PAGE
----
Unless you’re renting and your tenants pay all utilities, you’ll need to keep the water, electricity and/or gas on. If you’re curious about a property’s utility bills, you can call the utility companies to see if they’ll give you details on the property’s current bills. You can also request these bills from the seller.
If the property is vacant, you can save money on the utilities by leaving the HVAC off. However, there are instances where you need to leave it on.
If it’s winter and your area dips below the freezing point, you need your house to be warmer so the water in the pipes doesn’t freeze. Freezing water in the pipes will cause the pipes to burst. If freezing is a possibility, set your thermostat to 45℉ to create a buffer so this doesn’t happen.
On the opposite end, if your climate is hot and moist, you should keep your AC on, set to 85℉. Air conditioning doesn’t just cool your house – it removes moisture. Leaving the AC on will help prevent mold and mildew growth in humid climates.
This applies only to rental properties. If you’re considering investing in multiple rental properties, don’t live near the rental property or are unable or uninterested in managing them yourself, you’ll need to hire a property manager.
A property manager will market vacant rental units, vet tenants, collect rent, handle repairs and more. Expect to pay a property manager 5% – 10% of the monthly rental charge, along with other property management fees, such as setup fees for new tenants.
Whether you’re renting a property out or flipping it, there will be some maintenance involved. This could be as basic as lawn care. If your property has extensive landscaping, you may need to hire someone to tend it. On the inside, if there’s a lot of traffic in common areas, you may need to hire someone to clean those areas.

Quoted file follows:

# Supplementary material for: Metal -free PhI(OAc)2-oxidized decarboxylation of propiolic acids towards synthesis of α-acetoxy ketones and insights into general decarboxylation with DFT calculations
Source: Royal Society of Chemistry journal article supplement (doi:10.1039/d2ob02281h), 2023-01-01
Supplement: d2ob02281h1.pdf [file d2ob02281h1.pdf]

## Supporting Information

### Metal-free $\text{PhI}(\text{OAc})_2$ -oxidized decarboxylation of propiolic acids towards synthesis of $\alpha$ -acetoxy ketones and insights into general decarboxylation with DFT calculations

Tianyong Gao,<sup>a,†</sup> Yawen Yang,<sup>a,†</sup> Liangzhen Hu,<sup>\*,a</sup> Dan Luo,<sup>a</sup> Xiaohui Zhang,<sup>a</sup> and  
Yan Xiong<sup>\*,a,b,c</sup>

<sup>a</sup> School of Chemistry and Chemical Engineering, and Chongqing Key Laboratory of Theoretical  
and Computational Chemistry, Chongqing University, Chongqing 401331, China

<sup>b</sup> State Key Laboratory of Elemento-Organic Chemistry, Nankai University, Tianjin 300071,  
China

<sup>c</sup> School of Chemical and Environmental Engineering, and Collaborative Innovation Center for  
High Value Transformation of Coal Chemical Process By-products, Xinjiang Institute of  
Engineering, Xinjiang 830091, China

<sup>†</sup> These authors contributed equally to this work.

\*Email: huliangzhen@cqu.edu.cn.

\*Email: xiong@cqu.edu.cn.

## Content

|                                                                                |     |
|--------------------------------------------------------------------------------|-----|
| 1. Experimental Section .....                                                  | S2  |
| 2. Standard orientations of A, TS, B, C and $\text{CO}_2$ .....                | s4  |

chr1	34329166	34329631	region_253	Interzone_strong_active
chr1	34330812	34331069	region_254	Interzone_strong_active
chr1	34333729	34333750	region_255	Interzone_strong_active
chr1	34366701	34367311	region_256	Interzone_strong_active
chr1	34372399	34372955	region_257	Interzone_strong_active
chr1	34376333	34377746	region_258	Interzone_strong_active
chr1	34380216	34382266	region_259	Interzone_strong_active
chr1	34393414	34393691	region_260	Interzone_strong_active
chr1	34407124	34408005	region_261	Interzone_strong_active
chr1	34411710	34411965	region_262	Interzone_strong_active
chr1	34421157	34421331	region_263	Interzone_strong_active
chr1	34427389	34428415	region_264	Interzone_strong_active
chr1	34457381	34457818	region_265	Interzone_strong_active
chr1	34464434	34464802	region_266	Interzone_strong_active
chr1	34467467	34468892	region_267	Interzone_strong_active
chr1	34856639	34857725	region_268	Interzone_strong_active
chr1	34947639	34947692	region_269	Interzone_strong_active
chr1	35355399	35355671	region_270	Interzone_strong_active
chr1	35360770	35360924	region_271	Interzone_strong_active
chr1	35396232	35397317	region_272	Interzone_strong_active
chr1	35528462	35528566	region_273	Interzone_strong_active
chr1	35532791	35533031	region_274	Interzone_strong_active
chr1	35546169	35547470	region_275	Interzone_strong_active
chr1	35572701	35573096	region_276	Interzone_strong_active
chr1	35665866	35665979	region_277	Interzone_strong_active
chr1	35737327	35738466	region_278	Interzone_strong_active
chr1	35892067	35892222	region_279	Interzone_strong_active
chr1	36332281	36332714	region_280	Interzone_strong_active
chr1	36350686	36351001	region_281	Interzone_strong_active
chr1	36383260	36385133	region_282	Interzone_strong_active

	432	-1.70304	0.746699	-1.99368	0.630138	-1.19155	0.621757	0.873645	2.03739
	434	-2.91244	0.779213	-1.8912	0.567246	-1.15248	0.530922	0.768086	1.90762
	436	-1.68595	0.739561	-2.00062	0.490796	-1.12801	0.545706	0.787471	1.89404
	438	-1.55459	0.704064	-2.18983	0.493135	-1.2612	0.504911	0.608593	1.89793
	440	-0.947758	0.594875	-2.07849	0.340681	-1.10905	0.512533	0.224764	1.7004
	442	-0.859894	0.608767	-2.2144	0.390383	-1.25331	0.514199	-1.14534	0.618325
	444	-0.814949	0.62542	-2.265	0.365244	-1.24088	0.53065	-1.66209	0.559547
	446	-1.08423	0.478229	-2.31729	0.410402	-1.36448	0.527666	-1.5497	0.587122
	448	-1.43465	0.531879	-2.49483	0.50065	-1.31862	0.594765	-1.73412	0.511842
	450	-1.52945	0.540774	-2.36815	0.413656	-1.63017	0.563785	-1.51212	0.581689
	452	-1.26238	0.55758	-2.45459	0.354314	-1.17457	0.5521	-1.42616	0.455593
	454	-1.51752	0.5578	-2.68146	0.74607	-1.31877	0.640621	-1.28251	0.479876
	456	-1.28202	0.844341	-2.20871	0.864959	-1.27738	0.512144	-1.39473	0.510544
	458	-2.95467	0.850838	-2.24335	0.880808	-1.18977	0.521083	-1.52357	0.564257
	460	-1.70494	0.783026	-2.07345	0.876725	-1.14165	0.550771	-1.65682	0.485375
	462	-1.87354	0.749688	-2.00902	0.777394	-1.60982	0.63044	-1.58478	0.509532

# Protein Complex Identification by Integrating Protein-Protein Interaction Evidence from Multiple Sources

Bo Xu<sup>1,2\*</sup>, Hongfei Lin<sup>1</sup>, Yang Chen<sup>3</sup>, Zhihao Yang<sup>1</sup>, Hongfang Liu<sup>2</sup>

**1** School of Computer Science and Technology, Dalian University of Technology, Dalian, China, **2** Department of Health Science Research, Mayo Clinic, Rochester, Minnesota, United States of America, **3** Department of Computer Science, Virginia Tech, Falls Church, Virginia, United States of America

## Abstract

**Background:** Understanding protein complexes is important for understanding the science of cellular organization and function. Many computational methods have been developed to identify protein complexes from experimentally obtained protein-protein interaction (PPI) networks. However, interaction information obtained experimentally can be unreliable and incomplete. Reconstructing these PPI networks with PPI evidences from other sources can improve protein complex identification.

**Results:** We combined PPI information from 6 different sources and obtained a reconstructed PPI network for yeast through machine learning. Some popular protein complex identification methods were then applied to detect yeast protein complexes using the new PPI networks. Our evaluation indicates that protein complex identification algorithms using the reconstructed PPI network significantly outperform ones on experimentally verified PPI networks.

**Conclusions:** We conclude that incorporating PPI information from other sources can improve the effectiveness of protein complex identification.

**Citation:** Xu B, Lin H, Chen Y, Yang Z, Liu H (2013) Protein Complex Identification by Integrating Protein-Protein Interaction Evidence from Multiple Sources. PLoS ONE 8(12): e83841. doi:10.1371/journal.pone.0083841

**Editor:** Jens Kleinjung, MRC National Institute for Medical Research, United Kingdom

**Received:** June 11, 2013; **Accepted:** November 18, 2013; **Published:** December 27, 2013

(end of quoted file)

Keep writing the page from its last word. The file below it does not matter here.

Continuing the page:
The longer you possess the property, the more you’ll have to schedule maintenance. Routine work like gutter cleaning, window washing and more should be done to monitor your property’s condition and avoid bigger problems down the road.
The Downside To Carrying Costs
The lack of awareness around how much someone could end up paying in carrying costs can have a negative impact on property owners. These costs can fluctuate with seasons, changes in property value and changes in the property. If you don’t account for carrying costs, they can really eat into your profit.
Before investing, estimate all possible carrying costs and budget for them. If you’re flipping a property, this could look like being prepared to pay carrying costs for up to 6 months even if you suspect the property will sell sooner. For a rental property, these costs are ongoing for as long as you hold the property.
The Bottom Line: Be Prepared To Pay Carrying Costs
Budgeting for carrying costs is a necessary part of investing in property. By being prepared for these costs, you can more accurately estimate how much you will profit off a real estate investment. If you’re fixing and flipping, you may only have to pay these costs for a few months. But if you’re investing in a long-term rental property, they will be part of your monthly expenses and should be factored into the rent you charge your tenants.
Whether it’s for your primary residence or a “buy-and-hold” investment, start the mortgage process today with Rocket Mortgage®.